SHE CAN TURN LEFT! (Zoolander reference...hope you get it...)
Here we go. I just finished one of the 4 dining chairs I've been talking about for weeks now. And get this, it's not white, distressed, or covered in drop cloth. I turned left!
I've named him "The Blue Boy" after the Thomas Gainsborough painting. It's the first thing I thought of after seeing my finished chair.
And here's a REAL side by side pic! No it's not a photoshop miracle! And yes, you are seeing double! I took a picture of one of the unfinished chairs next to my Blue Boy beauty.
What do you think? Like the blue fabric? From the moment I saw it, I knew it would work perfectly against the dark wood. I don't know if it's everyone's taste, but I love it. It's so fun and lightens up the dark heavy, but beautiful, wood! But before I show more glamour shots, I'll go over what I did for the redo.
SHE SURE DOES LOVE STAPLES AND HOT GLUE.
The chairs were sturdy and in great condition when I bought them, but the light blue fabric was, let's say, "aged" (and I don't mean in a graceful manner). There were brown and yellow stains all over and that's when I realized canvas drop cloth wouldn't be the best fabric for chairs that you constantly eat on. Instead I bought the beautiful blue patterned fabric from Hobby Lobby.
First, I tried to figure out if I could take the seat back cushion out because the fabric is featured on both sides. Here's a terrible cell phone picture of what the whole dining set originally looked like:
You can see in the close-up there's a slit on the frame of the chairs (on both sides) which ideally would allow the seat back cushion to be removed. Unfortunately for me, the person who previously covered them had a rough time with it and created an extra crack in the wood on one chair, and glued the slits close on the others. Oh boy!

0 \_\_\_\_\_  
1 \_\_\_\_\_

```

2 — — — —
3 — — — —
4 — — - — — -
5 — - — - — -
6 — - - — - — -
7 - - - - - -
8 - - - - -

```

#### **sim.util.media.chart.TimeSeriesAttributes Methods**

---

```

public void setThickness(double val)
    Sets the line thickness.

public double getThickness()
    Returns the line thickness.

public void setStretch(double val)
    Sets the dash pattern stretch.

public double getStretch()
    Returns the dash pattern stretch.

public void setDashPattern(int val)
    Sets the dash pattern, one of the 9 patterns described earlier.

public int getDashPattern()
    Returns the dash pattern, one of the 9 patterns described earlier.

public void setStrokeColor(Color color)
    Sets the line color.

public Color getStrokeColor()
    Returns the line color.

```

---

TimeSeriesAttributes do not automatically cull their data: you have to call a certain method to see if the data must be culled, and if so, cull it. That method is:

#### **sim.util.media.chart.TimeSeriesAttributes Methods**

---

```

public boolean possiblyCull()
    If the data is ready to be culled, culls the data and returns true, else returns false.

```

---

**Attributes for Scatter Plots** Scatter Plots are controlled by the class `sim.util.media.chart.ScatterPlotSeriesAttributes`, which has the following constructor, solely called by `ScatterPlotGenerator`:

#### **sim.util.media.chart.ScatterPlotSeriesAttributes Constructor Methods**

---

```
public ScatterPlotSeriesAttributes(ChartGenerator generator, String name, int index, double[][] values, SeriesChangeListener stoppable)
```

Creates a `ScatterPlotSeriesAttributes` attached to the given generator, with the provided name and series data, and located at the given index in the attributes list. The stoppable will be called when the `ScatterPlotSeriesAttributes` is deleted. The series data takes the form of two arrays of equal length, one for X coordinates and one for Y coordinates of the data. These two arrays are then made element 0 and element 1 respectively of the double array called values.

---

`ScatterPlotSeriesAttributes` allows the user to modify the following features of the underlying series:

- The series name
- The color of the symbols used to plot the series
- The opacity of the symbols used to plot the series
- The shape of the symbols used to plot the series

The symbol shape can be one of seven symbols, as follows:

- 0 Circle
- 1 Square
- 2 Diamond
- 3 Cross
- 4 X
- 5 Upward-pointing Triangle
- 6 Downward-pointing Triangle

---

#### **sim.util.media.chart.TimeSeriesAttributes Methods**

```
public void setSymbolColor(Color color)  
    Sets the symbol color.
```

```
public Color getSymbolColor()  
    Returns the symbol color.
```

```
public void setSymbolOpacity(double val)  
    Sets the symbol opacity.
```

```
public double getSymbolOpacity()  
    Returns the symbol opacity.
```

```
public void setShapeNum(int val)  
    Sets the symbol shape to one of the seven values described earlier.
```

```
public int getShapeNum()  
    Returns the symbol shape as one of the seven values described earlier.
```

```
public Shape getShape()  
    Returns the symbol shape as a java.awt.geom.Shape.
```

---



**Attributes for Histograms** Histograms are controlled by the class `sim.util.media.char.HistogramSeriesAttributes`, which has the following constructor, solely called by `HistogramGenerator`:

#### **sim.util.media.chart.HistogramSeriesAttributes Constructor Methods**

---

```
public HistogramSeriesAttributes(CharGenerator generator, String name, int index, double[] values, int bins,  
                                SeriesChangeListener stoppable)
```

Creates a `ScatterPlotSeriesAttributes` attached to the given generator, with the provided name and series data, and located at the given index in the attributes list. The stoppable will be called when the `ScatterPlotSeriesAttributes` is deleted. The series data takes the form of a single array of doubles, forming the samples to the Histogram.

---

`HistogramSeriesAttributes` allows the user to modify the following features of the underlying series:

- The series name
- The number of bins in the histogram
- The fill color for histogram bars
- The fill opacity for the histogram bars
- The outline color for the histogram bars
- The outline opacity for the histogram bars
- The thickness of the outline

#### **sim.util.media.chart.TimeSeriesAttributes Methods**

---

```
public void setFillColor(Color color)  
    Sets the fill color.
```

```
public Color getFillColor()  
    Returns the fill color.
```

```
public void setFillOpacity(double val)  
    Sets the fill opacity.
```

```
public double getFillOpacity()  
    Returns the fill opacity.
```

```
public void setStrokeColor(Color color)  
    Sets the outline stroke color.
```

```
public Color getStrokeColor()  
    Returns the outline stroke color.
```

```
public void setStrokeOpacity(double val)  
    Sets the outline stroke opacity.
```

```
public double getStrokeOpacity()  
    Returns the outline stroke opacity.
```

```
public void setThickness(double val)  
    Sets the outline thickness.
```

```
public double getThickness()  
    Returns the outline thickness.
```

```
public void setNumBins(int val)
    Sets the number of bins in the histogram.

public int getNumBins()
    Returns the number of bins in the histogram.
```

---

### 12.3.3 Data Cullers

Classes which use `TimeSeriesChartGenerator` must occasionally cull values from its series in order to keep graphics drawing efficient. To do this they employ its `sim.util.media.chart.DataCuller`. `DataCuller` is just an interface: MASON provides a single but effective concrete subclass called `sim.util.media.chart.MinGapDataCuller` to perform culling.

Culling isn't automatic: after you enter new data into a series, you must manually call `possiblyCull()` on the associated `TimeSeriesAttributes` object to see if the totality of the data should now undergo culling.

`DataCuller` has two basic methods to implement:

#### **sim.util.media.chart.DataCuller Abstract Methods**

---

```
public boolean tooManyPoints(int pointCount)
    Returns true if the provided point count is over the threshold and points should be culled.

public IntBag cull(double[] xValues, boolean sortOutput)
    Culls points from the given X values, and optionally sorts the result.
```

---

So my plan was not to patch the cracks because I have no experience in that area, and I couldn't tuck in the fabric around the cushion either because there was no space for it. Instead I chose to staple my blue fabric around the sides and add matching trim to cover the staples. Also, the trim was the perfect detail to add to balance the wood against the patterned fabric.
How I covered the seat cushion was mentioned in this post. For the seat back, I held my fabric against the frame and cut around the cushion area making sure I had enough fabric to staple. Next I pinned my fabric to the seat back cushion and began stapling away with the same basic technique I used on the seat cover. Top, bottom, right, left, repeat.
Next, I cut off the excess fabric as close as I could to the staples (which can be tricky because the frayed edges like to peek out of the trim if you're not careful), and began hot-gluing the trim. I start gluing the trim near the middle of the bottom and go all the way around, making sure it looks symmetrical on both sides.
I did the same to the back, which was a little more difficult because the cushion was flatter and there was some empty space between the cushion and the frame, but I just made sure to firmly hold the fabric before stapling and it worked out perfectly.
So here he is, the devilishly handsome Blue Boy!
And sorry I added the parties I'm linking this post to, but they disappeared on me. Here they are: